Recently, questions about gender gaps in science have extended to academic technology transfer. Using systematic data on US medical school faculty, we capture both behavior and performance, examining the hypothesis that women are less likely than men to commercialize their research findings. We pooled faculty invention data from ten departments in three Academic Health Centers from 1991 to 1998-a period when patenting had become prevalent and other researchers note that a gender gap was pronounced. Rather than focusing on patenting, we capture the first step in the commercialization process, as well as the subsequent successful licensing of faculty inventions to a company. We find no significant gender differences in the likelihood of reporting inventions or successfully commercializing them. We do find differences in the number of inventions reported, however, with women disclosing fewer inventions than their male counterparts. Our results demonstrate that gender effects are highly conditioned by employment context and resources. We attribute differences in our findings with regards to gender to the use of outcome measures that capture both behavior and performance, and the inclusion of a more extensive set of control variables.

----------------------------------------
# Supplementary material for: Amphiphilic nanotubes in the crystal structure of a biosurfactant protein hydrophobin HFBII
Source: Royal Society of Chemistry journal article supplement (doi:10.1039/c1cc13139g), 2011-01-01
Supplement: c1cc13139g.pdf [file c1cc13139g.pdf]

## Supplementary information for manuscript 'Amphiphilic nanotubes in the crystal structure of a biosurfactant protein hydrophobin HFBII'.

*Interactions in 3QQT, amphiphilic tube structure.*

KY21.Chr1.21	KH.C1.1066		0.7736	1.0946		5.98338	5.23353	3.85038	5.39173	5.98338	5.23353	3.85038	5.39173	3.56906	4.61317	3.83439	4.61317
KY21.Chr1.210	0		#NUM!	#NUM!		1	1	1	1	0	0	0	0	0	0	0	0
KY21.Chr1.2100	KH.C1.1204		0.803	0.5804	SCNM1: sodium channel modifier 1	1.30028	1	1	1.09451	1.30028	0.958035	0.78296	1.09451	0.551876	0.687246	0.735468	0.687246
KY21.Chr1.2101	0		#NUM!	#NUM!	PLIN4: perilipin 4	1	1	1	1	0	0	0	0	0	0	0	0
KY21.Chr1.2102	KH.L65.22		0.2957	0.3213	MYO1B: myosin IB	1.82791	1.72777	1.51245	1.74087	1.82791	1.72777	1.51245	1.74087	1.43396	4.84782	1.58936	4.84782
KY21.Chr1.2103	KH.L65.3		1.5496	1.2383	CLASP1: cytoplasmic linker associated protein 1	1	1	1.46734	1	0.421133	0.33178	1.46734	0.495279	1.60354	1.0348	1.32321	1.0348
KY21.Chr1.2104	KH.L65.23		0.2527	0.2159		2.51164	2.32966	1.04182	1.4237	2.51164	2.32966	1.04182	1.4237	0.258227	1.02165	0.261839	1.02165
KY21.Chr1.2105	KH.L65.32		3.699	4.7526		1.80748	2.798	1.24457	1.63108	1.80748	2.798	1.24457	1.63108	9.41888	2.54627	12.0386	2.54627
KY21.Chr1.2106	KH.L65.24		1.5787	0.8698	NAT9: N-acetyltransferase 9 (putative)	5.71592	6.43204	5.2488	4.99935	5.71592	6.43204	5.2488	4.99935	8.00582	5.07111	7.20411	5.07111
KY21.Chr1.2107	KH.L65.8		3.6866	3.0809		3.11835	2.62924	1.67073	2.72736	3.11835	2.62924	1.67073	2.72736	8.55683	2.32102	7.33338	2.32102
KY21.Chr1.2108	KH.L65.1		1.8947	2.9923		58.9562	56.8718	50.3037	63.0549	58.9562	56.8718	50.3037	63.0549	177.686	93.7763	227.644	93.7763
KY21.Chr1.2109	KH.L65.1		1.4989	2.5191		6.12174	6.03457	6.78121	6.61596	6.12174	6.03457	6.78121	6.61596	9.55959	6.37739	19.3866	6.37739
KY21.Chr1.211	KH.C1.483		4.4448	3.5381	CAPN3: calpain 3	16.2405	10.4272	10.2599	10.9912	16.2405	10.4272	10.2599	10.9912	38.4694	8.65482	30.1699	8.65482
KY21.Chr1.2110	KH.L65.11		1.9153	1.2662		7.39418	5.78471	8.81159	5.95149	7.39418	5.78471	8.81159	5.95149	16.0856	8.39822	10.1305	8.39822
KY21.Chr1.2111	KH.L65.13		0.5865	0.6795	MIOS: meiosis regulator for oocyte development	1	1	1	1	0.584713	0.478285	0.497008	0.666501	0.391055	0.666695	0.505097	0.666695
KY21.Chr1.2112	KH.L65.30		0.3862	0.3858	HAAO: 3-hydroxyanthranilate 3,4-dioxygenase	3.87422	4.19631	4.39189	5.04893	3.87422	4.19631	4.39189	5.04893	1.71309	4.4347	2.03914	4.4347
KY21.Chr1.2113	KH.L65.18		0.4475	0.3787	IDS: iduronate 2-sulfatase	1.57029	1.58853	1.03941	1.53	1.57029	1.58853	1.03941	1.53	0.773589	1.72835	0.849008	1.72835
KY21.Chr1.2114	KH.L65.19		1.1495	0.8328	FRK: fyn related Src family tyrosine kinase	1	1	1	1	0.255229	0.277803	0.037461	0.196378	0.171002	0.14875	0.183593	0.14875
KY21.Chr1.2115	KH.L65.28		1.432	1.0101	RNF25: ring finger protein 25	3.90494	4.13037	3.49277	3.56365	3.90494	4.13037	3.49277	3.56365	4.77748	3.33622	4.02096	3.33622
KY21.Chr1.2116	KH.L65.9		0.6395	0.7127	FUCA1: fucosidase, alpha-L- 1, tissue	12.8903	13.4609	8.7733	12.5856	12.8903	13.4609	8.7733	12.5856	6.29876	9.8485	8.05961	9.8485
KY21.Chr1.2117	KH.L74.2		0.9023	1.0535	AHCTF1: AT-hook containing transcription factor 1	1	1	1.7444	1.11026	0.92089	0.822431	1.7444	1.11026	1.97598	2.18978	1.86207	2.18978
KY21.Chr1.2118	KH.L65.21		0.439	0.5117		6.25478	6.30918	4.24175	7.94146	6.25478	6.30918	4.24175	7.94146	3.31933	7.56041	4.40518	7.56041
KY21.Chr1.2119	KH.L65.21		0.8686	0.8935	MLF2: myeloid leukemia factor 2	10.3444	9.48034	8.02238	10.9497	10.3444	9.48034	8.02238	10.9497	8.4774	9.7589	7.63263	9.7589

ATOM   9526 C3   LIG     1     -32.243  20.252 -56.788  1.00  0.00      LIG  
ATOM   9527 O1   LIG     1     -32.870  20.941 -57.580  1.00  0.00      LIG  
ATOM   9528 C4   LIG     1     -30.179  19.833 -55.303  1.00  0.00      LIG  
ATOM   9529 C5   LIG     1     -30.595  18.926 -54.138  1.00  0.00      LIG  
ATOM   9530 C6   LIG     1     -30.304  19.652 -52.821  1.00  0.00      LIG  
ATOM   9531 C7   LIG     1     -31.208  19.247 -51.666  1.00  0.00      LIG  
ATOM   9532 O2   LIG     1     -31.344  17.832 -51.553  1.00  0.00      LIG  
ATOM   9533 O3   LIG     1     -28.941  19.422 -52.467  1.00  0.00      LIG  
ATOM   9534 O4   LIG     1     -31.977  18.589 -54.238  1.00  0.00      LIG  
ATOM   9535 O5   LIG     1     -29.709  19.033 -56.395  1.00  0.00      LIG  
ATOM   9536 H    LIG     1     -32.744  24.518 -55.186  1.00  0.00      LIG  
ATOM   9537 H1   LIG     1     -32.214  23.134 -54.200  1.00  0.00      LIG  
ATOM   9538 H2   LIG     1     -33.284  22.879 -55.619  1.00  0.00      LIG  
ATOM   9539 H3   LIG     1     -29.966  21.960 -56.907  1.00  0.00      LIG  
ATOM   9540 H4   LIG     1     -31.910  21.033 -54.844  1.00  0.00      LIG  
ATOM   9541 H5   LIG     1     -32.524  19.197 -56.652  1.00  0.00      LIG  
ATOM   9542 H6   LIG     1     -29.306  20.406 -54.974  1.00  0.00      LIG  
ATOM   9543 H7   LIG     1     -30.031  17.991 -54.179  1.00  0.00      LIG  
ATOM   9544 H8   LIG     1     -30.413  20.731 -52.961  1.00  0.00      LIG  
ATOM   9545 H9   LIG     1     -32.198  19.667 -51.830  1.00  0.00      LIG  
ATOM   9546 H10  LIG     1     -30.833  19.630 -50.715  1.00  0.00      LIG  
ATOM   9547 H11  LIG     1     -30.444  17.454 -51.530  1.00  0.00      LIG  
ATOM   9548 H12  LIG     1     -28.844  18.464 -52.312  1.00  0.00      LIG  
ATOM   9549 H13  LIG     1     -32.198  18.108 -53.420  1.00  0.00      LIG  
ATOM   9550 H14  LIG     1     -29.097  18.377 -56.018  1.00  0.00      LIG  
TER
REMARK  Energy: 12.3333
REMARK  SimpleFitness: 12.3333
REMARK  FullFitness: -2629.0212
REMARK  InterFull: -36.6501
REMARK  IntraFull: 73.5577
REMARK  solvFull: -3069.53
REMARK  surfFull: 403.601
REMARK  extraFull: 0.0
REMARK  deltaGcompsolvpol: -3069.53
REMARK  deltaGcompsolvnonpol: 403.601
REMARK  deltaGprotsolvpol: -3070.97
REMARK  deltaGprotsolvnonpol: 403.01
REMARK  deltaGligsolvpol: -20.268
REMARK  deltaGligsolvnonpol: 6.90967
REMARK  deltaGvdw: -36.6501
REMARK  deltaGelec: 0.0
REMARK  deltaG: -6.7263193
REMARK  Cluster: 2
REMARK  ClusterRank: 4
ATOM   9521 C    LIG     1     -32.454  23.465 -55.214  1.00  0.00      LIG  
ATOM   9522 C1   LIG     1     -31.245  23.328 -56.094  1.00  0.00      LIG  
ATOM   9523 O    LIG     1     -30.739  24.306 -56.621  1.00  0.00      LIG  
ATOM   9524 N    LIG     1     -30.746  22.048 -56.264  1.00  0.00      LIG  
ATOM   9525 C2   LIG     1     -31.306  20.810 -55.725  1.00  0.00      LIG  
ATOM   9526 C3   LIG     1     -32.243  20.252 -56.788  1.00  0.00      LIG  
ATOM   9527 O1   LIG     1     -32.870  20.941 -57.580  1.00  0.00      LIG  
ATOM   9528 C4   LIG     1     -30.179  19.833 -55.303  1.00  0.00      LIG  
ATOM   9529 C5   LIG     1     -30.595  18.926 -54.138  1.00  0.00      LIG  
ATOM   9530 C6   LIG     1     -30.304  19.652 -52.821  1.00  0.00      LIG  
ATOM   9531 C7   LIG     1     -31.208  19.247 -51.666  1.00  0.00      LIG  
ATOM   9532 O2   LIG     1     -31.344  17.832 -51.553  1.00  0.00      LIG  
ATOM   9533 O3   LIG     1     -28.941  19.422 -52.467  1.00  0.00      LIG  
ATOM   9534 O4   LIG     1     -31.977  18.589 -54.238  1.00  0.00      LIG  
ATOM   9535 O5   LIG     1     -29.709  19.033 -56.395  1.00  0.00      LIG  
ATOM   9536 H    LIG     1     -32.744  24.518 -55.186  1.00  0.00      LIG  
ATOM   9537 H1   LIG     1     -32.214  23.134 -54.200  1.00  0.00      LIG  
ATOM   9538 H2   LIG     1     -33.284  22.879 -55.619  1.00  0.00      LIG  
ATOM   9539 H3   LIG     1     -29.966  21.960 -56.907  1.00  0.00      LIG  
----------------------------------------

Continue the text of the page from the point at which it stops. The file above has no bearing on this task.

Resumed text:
- Academic entrepreneurship, university performance metrics
- Biomedical innovation
- Life sciences
- University technology transfer
ASJC Scopus subject areas
- Business and International Management